Protecting cultural heritage from combatants promotes human rights and universal values: Ban



    Protecting cultural heritage from combatants promotes human rights and universal values: Ban

    Sept.23, Geneva: Safeguarding cultural property that combatants aim to damage encompasses part of larger endeavours to defend human rights and universal values, United Nations Secretary-General Ban Ki-moon said , calling on the international community to intensify efforts to protect such treasures and end their illicit trafficking.

    “Combatants that attack cultural treasures want to damage more than artefacts – they aim to tear at the fabric of societies,” the UN chief said in remarks presented by Irina Bokova, Director-General of the UN Educational, Scientific and Cultural Organization (UNESCO) at a high-level event entitled “Protecting Cultural Heritage – an Imperative for Humanity: Acting together against the destruction and trafficking of cultural property by terrorist groups and organized crime.” For the first time, the International Criminal Court has opened a trial for the destruction of the mausoleums

    “And protection is about more than shielding stones and buildings – it is a part of our effort to defend human rights and save people’s lives,” he added.

    The event – held at UN headquarters in New York this afternoon – was co-organized by the Permanent Missions of Italy and Jordan, in collaboration with the International Criminal Police Organization (INTERPOL), UNESCO and the UN Office on Drugs and Crime (UNODC).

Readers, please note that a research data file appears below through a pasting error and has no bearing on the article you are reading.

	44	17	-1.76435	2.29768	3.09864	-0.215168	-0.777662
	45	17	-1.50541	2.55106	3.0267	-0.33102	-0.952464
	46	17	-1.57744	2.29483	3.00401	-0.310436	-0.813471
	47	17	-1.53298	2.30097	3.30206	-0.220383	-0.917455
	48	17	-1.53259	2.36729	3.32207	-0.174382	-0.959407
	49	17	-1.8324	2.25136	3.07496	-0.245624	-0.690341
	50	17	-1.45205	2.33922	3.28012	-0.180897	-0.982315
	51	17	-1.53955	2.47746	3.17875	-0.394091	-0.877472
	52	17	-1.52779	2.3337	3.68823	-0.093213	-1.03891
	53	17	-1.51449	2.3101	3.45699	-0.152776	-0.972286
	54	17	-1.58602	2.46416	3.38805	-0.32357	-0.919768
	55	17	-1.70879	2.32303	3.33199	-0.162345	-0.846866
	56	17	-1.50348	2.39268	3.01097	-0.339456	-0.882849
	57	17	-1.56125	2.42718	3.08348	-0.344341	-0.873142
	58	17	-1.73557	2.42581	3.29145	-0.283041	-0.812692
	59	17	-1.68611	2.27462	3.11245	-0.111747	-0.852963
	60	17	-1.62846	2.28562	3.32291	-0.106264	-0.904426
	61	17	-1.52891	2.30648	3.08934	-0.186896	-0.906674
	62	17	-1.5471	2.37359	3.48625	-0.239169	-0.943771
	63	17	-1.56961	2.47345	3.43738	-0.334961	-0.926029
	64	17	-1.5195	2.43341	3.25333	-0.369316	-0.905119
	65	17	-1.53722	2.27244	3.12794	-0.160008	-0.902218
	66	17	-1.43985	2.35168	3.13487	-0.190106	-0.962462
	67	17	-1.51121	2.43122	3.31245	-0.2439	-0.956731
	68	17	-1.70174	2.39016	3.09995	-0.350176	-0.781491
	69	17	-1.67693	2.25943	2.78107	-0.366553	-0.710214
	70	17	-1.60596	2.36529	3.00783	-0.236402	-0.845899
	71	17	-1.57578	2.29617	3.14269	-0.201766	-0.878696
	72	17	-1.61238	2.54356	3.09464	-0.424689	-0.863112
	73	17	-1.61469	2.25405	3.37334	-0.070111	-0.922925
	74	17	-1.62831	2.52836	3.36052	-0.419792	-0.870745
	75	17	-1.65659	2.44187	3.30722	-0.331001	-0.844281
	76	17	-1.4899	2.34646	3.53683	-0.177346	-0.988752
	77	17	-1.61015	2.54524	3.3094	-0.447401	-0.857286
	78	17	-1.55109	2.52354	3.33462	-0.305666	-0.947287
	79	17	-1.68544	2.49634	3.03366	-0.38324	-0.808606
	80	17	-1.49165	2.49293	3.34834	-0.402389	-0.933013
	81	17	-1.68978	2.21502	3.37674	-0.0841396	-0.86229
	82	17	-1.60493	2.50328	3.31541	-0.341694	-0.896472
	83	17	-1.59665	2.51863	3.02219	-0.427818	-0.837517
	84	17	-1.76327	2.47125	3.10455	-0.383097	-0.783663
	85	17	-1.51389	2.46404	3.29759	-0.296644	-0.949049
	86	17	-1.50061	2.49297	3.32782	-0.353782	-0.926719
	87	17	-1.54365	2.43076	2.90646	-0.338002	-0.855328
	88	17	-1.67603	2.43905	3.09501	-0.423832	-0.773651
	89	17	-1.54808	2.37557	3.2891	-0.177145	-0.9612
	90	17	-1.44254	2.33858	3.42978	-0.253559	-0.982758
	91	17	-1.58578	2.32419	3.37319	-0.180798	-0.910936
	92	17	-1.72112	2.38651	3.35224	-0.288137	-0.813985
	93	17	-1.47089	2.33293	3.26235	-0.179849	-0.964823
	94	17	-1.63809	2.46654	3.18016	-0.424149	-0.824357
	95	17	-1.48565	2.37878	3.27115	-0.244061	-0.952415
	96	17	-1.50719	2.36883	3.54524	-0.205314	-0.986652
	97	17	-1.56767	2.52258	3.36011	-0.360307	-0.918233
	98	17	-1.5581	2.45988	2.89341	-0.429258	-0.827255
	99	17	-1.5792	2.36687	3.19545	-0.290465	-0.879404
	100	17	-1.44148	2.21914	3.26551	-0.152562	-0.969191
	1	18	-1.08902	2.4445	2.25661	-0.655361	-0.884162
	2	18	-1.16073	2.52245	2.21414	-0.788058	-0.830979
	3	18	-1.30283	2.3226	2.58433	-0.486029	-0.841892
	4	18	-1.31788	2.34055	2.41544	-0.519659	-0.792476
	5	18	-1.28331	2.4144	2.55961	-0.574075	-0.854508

Lamenting that “we have all been devastated” by attacks on cultural heritage in the Middle East, North Africa, Yemen, Mali and beyond, the Secretary-General said that using such a tactic of war is also a war crime.

    “Throughout history, the enemies of human dignity have targeted symbols of knowledge, freedom of thought and freedom of expression. These are attacks on our universal values,” he stressed.

    The UN, for its part, has been responding by taking action to restore and rebuild damaged sites. In Timbuktu, UNESCO – the UN body responsible for identifying significant cultural landmarks – helped to rebuild 14 mausoleums. In addition, hundreds of thousands of ancient manuscripts have been recovered, Mr. Ban said.

    “Perpetrators are being held accountable. For the first time, the International Criminal Court has opened a trial for the destruction of the mausoleums. This can help an end to impunity,” he said.

    Mr. Ban was referring to the trial, on 22 August 2016, of Ahmad Al Faqi Al Mahdi, which opened before Trial Chamber VIII at the International Criminal Court (ICC) in The Hague, the Netherlands. Mr Al Mahdi, a Malian national, “admitted guilt as to the war crime consisting in the destruction of historical and religious monuments in Timbuktu (Mali), between around 30 June 2012 and 11 July 2012,” read a statement from the ICC, following the opening of the trial. It was the first international trial focusing on the destruction of historical and religious monuments, and the first ICC case where the defendant made an admission of guilt. Security Council resolution 2199 (2015) on halting the financing of terrorism tackles the specific issue of illicit trafficking in cultural objects.

    The Oslo Times International News Network